A Beginner’s Guide to Indoor Plant Care

Hello there, budding plant parent! Are you just starting out with introducing plants to your home and have no idea where to begin with their care? Or do your plants keep dying and you want to understand how to care for them better? Well, you’re in the right place because today, we’re going to dive into the wonderful world of indoor plant care and cover the very basics. Whether you’ve got a green thumb or just a smidgen of gardening curiosity, this guide is here to help you nurture your leafy companions.

Choosing the Right Plant

Before we get our hands dirty, let’s start with the basics. Choosing the right indoor plant is key to making sure you’re able to keep it thriving in your home. Each plant has its own personality, and some are easier to get along with than others, especially for beginners.

Here are a few options to consider:

Snake Plant (Sansevieria): If you’re a self-proclaimed “plant killer,” the snake plant is your new BFF. It can handle low light and infrequent watering like a champ.

Pothos: Pothos is like the “gateway plant” for newcomers. It thrives in a variety of conditions and is known for its forgiving nature. I personally have a devil’s ivy in my bathroom that I only occasionally water and it is thriving!

Peace Lily: This elegant beauty loves medium to low light and can even let you know when it’s thirsty by drooping its leaves. Talk about communication!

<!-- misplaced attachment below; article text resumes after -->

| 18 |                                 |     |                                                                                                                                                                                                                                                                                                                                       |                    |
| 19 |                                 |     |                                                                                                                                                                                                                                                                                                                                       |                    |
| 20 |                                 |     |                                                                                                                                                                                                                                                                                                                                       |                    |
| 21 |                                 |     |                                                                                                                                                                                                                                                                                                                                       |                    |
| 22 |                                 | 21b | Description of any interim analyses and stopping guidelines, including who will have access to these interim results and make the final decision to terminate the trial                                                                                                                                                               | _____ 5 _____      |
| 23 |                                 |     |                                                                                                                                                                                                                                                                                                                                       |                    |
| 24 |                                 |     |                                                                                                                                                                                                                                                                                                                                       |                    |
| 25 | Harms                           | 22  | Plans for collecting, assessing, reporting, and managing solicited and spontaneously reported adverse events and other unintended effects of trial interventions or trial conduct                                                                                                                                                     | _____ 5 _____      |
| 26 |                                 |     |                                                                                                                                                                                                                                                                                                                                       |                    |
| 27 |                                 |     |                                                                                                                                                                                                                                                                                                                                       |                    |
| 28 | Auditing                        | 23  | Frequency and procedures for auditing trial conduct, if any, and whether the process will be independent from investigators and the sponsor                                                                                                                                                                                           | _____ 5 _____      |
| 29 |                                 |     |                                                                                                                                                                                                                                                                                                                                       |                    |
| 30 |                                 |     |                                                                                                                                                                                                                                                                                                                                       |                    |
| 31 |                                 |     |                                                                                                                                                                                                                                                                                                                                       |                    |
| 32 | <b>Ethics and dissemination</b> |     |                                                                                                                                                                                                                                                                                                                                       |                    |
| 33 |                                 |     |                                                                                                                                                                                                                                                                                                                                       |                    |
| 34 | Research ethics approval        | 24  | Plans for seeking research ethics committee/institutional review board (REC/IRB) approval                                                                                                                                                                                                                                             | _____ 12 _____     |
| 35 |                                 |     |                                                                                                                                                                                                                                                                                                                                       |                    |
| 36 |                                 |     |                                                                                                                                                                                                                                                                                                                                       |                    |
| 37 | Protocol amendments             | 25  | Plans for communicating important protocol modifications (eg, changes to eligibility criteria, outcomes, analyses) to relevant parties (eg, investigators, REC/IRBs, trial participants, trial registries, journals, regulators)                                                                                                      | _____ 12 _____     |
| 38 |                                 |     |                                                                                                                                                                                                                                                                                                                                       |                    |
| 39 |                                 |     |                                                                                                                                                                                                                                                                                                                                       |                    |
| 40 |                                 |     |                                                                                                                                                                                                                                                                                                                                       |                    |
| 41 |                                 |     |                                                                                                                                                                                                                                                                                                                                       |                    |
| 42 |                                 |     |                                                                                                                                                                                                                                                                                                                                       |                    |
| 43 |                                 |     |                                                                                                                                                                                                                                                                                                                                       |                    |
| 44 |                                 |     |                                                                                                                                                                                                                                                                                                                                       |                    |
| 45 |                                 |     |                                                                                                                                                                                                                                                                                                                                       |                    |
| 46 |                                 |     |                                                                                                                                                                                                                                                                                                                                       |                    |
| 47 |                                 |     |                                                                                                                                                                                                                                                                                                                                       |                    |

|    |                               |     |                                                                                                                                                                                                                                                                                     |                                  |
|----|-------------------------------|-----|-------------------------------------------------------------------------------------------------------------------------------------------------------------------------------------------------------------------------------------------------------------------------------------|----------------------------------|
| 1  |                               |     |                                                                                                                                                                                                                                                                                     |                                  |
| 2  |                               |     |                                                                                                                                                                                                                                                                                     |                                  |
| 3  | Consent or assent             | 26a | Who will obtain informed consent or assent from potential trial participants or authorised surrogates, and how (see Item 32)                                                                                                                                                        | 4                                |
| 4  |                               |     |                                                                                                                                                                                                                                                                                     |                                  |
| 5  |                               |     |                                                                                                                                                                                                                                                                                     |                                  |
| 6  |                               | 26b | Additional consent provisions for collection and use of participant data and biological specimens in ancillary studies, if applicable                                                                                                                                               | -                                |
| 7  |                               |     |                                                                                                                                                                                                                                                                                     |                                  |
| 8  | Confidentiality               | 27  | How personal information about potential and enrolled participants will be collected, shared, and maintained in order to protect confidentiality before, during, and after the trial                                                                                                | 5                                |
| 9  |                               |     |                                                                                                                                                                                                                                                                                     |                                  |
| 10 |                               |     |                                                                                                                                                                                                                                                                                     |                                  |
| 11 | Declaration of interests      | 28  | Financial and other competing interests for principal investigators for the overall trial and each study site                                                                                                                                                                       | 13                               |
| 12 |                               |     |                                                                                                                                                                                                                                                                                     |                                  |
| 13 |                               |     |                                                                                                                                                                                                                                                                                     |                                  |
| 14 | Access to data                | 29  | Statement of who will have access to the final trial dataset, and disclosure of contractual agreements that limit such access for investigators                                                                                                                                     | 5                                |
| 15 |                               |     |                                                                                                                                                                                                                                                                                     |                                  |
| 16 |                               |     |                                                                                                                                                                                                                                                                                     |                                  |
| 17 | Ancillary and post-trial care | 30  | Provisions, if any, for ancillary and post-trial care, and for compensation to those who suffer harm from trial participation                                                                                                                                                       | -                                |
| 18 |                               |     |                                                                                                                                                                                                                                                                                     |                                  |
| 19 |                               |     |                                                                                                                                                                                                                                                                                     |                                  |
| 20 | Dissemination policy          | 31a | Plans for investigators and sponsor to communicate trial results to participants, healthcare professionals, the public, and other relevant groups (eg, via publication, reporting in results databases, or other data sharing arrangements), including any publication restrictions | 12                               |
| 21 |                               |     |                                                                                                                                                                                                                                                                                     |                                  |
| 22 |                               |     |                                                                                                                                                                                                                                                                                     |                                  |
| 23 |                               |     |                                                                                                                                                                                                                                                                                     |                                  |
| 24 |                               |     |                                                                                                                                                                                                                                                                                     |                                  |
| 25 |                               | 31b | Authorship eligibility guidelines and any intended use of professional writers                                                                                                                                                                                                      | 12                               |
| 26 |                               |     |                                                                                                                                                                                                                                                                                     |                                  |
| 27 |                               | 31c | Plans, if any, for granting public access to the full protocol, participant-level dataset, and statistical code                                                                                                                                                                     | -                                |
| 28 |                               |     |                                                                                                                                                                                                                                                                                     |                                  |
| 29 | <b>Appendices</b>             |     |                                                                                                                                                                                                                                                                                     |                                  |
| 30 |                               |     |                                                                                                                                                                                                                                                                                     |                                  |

Spider Plant: With its arching green and white striped leaves, the spider plant is perfect for beginners. It’s not too picky about light or water.

Succulents: These quirky little plants come in all shapes and sizes. I started my own journey with cacti and succulents until I got into a routine with proper plant care. They’re drought-tolerant, so they’re great for forgetful waterers and beginners.

The Essentials: Light, Water, and Soil

Now that you’ve got your new leafy friend, let’s dive into the three main components of indoor plant care: light, water, and soil.


  • Different plants have different light preferences. Check the care instructions that come with your plant to see if it prefers bright, indirect light or low-light conditions. Place in an appropriate location in your home. For example, those that prefer bright direct light are perfect for your windowsill.
  • Rotate your plant occasionally to ensure even growth and prevent it from leaning toward the light source. You’ll notice this happening fairly quickly as your plant grows.


  • Overwatering is one of the most common mistakes new plant parents make. Always check the moisture level of the soil before watering. Stick your finger about an inch into the soil – if it feels dry, it’s time to water.
  • Be sure to use a pot with drainage holes to prevent water from pooling at the bottom, which can lead to root rot.
  • When you do water, add enough so that it seeps out of the drainage holes, then discard the excess water that collects in the saucer.


  • Use a well-draining potting mix designed for the specific type of plant you have. Cactus soil for succulents, for example, or a general indoor plant mix for most houseplants.
  • Repot your plant every couple of years to refresh the soil and provide more space for root growth.